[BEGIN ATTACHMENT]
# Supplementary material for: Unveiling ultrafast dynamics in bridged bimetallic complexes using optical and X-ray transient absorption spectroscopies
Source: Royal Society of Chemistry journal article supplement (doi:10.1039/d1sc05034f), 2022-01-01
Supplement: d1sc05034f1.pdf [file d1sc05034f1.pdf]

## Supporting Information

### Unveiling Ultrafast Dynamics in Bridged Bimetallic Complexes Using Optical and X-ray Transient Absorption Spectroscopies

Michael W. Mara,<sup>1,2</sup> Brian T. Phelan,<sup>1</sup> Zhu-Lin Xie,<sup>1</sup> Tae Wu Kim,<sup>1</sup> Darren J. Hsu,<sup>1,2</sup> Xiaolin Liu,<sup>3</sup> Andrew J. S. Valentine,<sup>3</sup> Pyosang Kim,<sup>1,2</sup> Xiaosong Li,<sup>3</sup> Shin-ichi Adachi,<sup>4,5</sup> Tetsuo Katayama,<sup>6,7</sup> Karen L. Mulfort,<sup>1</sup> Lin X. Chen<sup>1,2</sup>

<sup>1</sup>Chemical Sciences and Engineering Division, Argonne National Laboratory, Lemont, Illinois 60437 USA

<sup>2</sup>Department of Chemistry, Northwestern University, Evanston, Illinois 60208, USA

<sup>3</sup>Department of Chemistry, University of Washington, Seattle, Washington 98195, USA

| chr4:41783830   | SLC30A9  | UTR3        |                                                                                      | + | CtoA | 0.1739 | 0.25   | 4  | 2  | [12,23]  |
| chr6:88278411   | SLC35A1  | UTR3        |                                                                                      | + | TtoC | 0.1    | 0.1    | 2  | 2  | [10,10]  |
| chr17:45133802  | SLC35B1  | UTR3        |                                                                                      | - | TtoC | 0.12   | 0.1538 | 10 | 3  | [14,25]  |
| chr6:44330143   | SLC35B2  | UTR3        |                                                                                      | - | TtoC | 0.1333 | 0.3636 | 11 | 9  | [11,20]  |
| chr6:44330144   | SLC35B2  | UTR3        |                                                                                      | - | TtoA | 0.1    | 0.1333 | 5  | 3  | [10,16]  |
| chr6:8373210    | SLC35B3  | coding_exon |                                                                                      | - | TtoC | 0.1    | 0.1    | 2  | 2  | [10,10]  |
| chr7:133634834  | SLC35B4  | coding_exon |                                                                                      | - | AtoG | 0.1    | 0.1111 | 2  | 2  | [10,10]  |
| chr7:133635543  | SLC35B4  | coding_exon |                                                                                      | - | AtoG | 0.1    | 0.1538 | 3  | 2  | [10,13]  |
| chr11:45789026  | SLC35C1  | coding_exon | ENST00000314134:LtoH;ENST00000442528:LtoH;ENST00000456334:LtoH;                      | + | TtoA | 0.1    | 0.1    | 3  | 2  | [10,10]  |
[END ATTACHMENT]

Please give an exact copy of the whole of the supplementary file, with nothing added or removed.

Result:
# Supplementary material for: Unveiling ultrafast dynamics in bridged bimetallic complexes using optical and X-ray transient absorption spectroscopies
Source: Royal Society of Chemistry journal article supplement (doi:10.1039/d1sc05034f), 2022-01-01
Supplement: d1sc05034f1.pdf [file d1sc05034f1.pdf]

## Supporting Information

### Unveiling Ultrafast Dynamics in Bridged Bimetallic Complexes Using Optical and X-ray Transient Absorption Spectroscopies

Michael W. Mara,<sup>1,2</sup> Brian T. Phelan,<sup>1</sup> Zhu-Lin Xie,<sup>1</sup> Tae Wu Kim,<sup>1</sup> Darren J. Hsu,<sup>1,2</sup> Xiaolin Liu,<sup>3</sup> Andrew J. S. Valentine,<sup>3</sup> Pyosang Kim,<sup>1,2</sup> Xiaosong Li,<sup>3</sup> Shin-ichi Adachi,<sup>4,5</sup> Tetsuo Katayama,<sup>6,7</sup> Karen L. Mulfort,<sup>1</sup> Lin X. Chen<sup>1,2</sup>

<sup>1</sup>Chemical Sciences and Engineering Division, Argonne National Laboratory, Lemont, Illinois 60437 USA

<sup>2</sup>Department of Chemistry, Northwestern University, Evanston, Illinois 60208, USA

<sup>3</sup>Department of Chemistry, University of Washington, Seattle, Washington 98195, USA

| chr4:41783830   | SLC30A9  | UTR3        |                                                                                      | + | CtoA | 0.1739 | 0.25   | 4  | 2  | [12,23]  |
| chr6:88278411   | SLC35A1  | UTR3        |                                                                                      | + | TtoC | 0.1    | 0.1    | 2  | 2  | [10,10]  |
| chr17:45133802  | SLC35B1  | UTR3        |                                                                                      | - | TtoC | 0.12   | 0.1538 | 10 | 3  | [14,25]  |
| chr6:44330143   | SLC35B2  | UTR3        |                                                                                      | - | TtoC | 0.1333 | 0.3636 | 11 | 9  | [11,20]  |
| chr6:44330144   | SLC35B2  | UTR3        |                                                                                      | - | TtoA | 0.1    | 0.1333 | 5  | 3  | [10,16]  |
| chr6:8373210    | SLC35B3  | coding_exon |                                                                                      | - | TtoC | 0.1    | 0.1    | 2  | 2  | [10,10]  |
| chr7:133634834  | SLC35B4  | coding_exon |                                                                                      | - | AtoG | 0.1    | 0.1111 | 2  | 2  | [10,10]  |
| chr7:133635543  | SLC35B4  | coding_exon |                                                                                      | - | AtoG | 0.1    | 0.1538 | 3  | 2  | [10,13]  |
| chr11:45789026  | SLC35C1  | coding_exon | ENST00000314134:LtoH;ENST00000442528:LtoH;ENST00000456334:LtoH;                      | + | TtoA | 0.1    | 0.1    | 3  | 2  | [10,10]  |